As dairy farmers, it is our job to interact with the public, and show them the processes and the reasons that we use the procedures that we do. It is our job to market our product and farms to show the consumers the time and care that we put into producing “nature’s purest drink.” One woman, that I believe is doing an excellent job of painting the picture of what dairy farmers do each and everyday, is Dairy Carrie. She not only explains how her family operates their farm, but she also talks about the important issues related to ag and dairy. We need more people like her around to help AGvocate our message to the consumers.

At times, I feel that all of the blame is put on consumers, that they don’t do enough to get informed, to know where their food really comes from. Maybe this needs to be looked at in a different light, what have the farmers done to show the consumers of their product how they produce it, where it comes from, and how much time and care they put into making it? I think the farmer should be somewhat credible for showing the consumers and public the blessing of what they do every day, and all the work they put into growing their product.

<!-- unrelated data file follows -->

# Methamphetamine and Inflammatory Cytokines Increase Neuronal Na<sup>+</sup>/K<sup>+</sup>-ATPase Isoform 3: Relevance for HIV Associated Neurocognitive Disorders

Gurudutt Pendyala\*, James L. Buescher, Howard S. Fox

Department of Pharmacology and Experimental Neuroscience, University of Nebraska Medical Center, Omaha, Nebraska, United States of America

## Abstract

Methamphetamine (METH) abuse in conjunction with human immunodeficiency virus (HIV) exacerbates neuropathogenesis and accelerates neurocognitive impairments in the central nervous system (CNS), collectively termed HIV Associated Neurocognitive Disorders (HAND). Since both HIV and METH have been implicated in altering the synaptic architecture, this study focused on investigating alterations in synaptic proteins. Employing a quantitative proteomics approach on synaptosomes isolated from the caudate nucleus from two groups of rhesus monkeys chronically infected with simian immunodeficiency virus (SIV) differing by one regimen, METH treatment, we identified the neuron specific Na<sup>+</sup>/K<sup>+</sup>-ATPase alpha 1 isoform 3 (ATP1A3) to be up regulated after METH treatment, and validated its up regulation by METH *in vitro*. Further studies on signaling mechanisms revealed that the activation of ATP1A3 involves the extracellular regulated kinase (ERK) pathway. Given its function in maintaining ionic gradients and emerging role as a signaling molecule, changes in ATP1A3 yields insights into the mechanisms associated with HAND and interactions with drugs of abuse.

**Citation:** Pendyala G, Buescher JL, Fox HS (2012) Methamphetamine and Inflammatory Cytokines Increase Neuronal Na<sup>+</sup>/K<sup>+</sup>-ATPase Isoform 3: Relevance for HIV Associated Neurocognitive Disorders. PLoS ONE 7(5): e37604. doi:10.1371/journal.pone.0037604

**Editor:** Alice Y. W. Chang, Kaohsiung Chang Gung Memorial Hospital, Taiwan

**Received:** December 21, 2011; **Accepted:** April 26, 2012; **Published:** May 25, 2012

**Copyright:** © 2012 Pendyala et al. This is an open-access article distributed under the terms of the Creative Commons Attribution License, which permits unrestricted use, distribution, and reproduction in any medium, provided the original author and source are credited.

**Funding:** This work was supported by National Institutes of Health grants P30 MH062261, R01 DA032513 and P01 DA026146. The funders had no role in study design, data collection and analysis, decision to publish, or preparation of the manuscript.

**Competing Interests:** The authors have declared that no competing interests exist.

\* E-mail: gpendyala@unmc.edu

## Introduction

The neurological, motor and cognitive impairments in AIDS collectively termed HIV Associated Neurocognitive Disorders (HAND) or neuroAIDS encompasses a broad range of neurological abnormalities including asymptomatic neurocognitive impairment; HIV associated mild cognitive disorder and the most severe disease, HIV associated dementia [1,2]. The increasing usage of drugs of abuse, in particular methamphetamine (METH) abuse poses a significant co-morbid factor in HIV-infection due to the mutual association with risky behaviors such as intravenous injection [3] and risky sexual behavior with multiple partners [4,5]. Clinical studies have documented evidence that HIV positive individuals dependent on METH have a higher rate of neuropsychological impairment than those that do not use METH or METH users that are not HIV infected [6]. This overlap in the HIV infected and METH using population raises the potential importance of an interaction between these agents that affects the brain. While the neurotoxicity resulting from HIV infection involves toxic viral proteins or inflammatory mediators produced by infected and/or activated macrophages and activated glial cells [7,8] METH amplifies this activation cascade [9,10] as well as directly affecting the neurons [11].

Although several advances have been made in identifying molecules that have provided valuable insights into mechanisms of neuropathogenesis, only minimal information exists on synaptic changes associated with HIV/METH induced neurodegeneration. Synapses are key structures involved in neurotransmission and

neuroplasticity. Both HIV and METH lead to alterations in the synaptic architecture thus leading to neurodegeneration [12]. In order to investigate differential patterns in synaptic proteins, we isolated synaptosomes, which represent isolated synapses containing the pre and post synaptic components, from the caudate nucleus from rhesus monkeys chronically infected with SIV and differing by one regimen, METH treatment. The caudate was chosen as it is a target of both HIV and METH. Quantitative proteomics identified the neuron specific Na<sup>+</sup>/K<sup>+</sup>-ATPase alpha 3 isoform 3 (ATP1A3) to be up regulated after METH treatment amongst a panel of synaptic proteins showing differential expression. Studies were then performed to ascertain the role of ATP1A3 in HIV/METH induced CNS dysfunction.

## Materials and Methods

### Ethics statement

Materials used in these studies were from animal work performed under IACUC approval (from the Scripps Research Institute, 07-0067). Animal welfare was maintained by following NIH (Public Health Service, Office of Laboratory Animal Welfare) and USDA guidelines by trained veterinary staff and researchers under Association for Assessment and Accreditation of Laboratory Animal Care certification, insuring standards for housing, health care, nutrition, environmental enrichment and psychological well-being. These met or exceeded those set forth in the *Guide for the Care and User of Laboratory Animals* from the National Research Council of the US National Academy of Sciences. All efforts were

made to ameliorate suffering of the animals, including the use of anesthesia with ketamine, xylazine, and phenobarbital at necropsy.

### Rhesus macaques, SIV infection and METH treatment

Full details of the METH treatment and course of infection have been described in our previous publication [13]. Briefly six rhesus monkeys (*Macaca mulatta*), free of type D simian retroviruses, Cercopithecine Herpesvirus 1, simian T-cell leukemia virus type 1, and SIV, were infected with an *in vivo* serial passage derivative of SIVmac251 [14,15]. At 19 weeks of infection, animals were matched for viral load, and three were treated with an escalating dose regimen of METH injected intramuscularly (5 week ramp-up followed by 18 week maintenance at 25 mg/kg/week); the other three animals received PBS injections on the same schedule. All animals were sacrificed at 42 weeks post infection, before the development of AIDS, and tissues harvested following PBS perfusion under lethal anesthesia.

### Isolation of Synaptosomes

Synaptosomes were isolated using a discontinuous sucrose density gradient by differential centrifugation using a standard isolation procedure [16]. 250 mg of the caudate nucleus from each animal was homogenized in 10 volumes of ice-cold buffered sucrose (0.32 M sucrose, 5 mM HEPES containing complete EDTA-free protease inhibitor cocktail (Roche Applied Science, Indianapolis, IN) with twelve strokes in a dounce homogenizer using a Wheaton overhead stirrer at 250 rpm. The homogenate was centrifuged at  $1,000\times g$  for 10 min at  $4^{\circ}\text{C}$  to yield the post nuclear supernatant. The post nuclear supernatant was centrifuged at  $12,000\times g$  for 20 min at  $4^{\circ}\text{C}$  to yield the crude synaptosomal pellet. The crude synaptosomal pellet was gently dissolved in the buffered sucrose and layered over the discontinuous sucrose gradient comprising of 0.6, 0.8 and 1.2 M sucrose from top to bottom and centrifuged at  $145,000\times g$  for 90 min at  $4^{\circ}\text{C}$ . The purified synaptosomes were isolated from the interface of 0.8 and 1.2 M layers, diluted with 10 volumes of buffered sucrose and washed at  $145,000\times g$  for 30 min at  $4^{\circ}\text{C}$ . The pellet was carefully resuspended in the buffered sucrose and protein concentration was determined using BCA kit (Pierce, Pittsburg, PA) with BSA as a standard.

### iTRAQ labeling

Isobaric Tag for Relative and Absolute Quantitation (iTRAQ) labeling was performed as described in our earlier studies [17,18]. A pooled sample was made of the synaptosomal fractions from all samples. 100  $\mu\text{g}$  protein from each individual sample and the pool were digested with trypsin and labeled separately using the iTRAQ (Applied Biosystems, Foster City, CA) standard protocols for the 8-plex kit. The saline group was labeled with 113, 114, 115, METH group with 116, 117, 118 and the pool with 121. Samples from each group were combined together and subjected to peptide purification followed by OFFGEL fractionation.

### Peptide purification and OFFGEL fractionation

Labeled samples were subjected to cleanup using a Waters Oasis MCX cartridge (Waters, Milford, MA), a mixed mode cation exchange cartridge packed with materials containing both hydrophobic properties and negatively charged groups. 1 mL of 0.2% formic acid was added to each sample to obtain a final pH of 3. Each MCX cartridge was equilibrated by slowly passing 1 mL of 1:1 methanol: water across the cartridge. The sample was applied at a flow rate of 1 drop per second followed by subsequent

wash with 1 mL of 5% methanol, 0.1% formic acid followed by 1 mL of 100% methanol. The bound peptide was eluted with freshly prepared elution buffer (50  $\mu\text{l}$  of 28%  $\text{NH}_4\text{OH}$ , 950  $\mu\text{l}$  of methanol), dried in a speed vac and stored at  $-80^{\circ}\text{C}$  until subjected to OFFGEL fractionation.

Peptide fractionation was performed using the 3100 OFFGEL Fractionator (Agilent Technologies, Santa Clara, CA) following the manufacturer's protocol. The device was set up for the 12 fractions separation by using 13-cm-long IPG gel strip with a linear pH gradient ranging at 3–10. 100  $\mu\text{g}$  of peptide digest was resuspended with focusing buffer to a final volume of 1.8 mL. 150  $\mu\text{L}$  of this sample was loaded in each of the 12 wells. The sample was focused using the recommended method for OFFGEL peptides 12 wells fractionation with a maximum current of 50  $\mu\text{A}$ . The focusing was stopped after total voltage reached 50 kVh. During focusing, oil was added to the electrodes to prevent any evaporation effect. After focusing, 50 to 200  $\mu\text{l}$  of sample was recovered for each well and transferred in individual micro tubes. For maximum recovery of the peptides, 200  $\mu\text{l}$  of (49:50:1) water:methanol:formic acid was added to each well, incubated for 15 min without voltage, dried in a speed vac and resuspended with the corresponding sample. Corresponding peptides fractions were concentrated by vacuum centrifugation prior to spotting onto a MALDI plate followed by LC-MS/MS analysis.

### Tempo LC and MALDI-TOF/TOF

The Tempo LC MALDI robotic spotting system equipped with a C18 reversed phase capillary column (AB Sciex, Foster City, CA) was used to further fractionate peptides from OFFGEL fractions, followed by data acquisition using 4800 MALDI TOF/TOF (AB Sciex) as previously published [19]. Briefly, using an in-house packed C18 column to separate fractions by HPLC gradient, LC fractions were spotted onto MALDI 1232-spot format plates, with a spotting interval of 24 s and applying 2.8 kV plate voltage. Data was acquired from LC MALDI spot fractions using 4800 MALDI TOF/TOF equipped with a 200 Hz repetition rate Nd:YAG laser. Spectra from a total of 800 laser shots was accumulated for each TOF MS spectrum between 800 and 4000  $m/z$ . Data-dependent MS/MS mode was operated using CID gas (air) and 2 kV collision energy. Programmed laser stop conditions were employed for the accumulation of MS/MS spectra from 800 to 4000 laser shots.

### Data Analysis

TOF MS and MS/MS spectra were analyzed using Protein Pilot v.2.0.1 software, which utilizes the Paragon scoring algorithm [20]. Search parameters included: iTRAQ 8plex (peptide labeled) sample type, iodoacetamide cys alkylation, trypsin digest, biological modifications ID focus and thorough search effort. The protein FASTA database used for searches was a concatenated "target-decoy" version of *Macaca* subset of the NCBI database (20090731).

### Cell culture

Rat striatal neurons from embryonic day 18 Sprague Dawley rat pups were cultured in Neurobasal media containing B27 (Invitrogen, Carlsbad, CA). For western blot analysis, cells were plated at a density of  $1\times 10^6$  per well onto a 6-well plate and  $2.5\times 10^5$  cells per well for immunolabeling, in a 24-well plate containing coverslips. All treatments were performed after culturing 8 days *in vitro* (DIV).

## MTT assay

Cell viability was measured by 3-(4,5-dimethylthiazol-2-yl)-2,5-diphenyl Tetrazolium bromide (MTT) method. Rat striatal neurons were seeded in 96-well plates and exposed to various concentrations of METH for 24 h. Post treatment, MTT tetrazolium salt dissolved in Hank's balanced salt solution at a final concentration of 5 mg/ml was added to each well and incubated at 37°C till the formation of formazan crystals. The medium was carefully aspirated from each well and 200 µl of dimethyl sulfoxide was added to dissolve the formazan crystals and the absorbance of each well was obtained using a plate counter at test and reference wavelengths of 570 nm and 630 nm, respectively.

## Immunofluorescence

Day 20: Home is where the heart is, home is where the cows are


Tomorrow I get to go home. I haven’t been there in two whole weeks. Which to most college students probably doesn’t seem like much time away, but to me it seems like a century. You see, living only an hour and fifteen minutes away makes it pretty easy to go home every weekend. At this point the drive doesn’t really even seem that long.


The cow lot